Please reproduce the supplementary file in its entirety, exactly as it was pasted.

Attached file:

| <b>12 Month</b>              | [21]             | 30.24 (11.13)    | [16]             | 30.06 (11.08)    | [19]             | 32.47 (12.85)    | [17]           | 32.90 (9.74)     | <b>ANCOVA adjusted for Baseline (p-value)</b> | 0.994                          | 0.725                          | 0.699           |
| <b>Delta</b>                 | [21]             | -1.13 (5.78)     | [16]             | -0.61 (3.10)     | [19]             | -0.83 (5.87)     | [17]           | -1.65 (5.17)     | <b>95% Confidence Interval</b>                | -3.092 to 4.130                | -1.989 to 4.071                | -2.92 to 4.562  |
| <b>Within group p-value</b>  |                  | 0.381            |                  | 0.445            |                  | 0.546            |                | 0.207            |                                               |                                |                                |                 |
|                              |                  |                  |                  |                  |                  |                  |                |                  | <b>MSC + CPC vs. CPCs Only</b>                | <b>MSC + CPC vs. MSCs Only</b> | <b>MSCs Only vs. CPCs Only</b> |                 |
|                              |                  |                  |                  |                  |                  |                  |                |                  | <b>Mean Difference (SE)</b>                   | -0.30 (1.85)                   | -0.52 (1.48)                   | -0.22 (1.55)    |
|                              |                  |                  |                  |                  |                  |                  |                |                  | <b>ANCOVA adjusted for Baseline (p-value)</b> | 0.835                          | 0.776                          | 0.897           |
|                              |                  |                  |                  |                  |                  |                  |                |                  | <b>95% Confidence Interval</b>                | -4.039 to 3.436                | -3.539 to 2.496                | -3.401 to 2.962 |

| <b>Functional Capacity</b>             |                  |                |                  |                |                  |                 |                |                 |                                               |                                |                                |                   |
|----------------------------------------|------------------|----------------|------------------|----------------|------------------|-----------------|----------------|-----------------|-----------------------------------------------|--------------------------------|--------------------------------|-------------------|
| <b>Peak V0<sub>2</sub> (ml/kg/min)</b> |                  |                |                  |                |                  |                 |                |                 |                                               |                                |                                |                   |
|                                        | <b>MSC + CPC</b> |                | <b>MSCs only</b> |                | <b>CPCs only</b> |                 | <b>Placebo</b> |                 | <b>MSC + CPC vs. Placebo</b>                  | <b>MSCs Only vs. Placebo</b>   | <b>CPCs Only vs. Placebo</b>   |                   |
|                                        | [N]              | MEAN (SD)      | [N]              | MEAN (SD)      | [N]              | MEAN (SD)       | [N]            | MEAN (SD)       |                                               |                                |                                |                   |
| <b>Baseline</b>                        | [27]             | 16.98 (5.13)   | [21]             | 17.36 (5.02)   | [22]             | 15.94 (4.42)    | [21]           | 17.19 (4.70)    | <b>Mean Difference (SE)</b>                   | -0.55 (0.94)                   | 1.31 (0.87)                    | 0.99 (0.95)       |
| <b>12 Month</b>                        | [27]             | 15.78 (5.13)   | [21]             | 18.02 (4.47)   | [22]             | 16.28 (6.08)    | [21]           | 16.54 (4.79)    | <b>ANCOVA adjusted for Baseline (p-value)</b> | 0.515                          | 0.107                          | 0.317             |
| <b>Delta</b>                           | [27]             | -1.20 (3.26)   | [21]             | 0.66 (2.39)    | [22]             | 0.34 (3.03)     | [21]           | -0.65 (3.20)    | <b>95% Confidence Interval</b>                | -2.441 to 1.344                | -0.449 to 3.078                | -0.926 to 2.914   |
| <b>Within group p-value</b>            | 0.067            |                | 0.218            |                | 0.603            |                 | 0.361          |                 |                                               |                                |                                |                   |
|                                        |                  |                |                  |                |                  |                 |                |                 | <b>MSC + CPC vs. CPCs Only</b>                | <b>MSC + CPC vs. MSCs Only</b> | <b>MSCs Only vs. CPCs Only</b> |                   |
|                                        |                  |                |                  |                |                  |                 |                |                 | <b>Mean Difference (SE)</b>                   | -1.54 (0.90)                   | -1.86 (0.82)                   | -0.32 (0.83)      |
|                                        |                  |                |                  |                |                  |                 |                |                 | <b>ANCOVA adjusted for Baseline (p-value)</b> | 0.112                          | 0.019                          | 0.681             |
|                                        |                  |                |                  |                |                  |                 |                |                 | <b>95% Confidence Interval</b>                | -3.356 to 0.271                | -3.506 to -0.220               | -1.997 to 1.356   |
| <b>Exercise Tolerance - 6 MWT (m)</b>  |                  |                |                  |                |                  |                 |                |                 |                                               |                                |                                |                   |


| <b>12 Month</b>              | [21]             | 30.24 (11.13)    | [16]             | 30.06 (11.08)    | [19]             | 32.47 (12.85)    | [17]           | 32.90 (9.74)     | <b>ANCOVA adjusted for Baseline (p-value)</b> | 0.994                          | 0.725                          | 0.699           |
| <b>Delta</b>                 | [21]             | -1.13 (5.78)     | [16]             | -0.61 (3.10)     | [19]             | -0.83 (5.87)     | [17]           | -1.65 (5.17)     | <b>95% Confidence Interval</b>                | -3.092 to 4.130                | -1.989 to 4.071                | -2.92 to 4.562  |
| <b>Within group p-value</b>  |                  | 0.381            |                  | 0.445            |                  | 0.546            |                | 0.207            |                                               |                                |                                |                 |
|                              |                  |                  |                  |                  |                  |                  |                |                  | <b>MSC + CPC vs. CPCs Only</b>                | <b>MSC + CPC vs. MSCs Only</b> | <b>MSCs Only vs. CPCs Only</b> |                 |
|                              |                  |                  |                  |                  |                  |                  |                |                  | <b>Mean Difference (SE)</b>                   | -0.30 (1.85)                   | -0.52 (1.48)                   | -0.22 (1.55)    |
|                              |                  |                  |                  |                  |                  |                  |                |                  | <b>ANCOVA adjusted for Baseline (p-value)</b> | 0.835                          | 0.776                          | 0.897           |
|                              |                  |                  |                  |                  |                  |                  |                |                  | <b>95% Confidence Interval</b>                | -4.039 to 3.436                | -3.539 to 2.496                | -3.401 to 2.962 |

| <b>Functional Capacity</b>             |                  |                |                  |                |                  |                 |                |                 |                                               |                                |                                |                   |
|----------------------------------------|------------------|----------------|------------------|----------------|------------------|-----------------|----------------|-----------------|-----------------------------------------------|--------------------------------|--------------------------------|-------------------|
| <b>Peak V0<sub>2</sub> (ml/kg/min)</b> |                  |                |                  |                |                  |                 |                |                 |                                               |                                |                                |                   |
|                                        | <b>MSC + CPC</b> |                | <b>MSCs only</b> |                | <b>CPCs only</b> |                 | <b>Placebo</b> |                 | <b>MSC + CPC vs. Placebo</b>                  | <b>MSCs Only vs. Placebo</b>   | <b>CPCs Only vs. Placebo</b>   |                   |
|                                        | [N]              | MEAN (SD)      | [N]              | MEAN (SD)      | [N]              | MEAN (SD)       | [N]            | MEAN (SD)       |                                               |                                |                                |                   |
| <b>Baseline</b>                        | [27]             | 16.98 (5.13)   | [21]             | 17.36 (5.02)   | [22]             | 15.94 (4.42)    | [21]           | 17.19 (4.70)    | <b>Mean Difference (SE)</b>                   | -0.55 (0.94)                   | 1.31 (0.87)                    | 0.99 (0.95)       |
| <b>12 Month</b>                        | [27]             | 15.78 (5.13)   | [21]             | 18.02 (4.47)   | [22]             | 16.28 (6.08)    | [21]           | 16.54 (4.79)    | <b>ANCOVA adjusted for Baseline (p-value)</b> | 0.515                          | 0.107                          | 0.317             |
| <b>Delta</b>                           | [27]             | -1.20 (3.26)   | [21]             | 0.66 (2.39)    | [22]             | 0.34 (3.03)     | [21]           | -0.65 (3.20)    | <b>95% Confidence Interval</b>                | -2.441 to 1.344                | -0.449 to 3.078                | -0.926 to 2.914   |
| <b>Within group p-value</b>            | 0.067            |                | 0.218            |                | 0.603            |                 | 0.361          |                 |                                               |                                |                                |                   |
|                                        |                  |                |                  |                |                  |                 |                |                 | <b>MSC + CPC vs. CPCs Only</b>                | <b>MSC + CPC vs. MSCs Only</b> | <b>MSCs Only vs. CPCs Only</b> |                   |
|                                        |                  |                |                  |                |                  |                 |                |                 | <b>Mean Difference (SE)</b>                   | -1.54 (0.90)                   | -1.86 (0.82)                   | -0.32 (0.83)      |
|                                        |                  |                |                  |                |                  |                 |                |                 | <b>ANCOVA adjusted for Baseline (p-value)</b> | 0.112                          | 0.019                          | 0.681             |
|                                        |                  |                |                  |                |                  |                 |                |                 | <b>95% Confidence Interval</b>                | -3.356 to 0.271                | -3.506 to -0.220               | -1.997 to 1.356   |
| <b>Exercise Tolerance - 6 MWT (m)</b>  |                  |                |                  |                |                  |                 |                |                 |                                               |                                |                                |                   |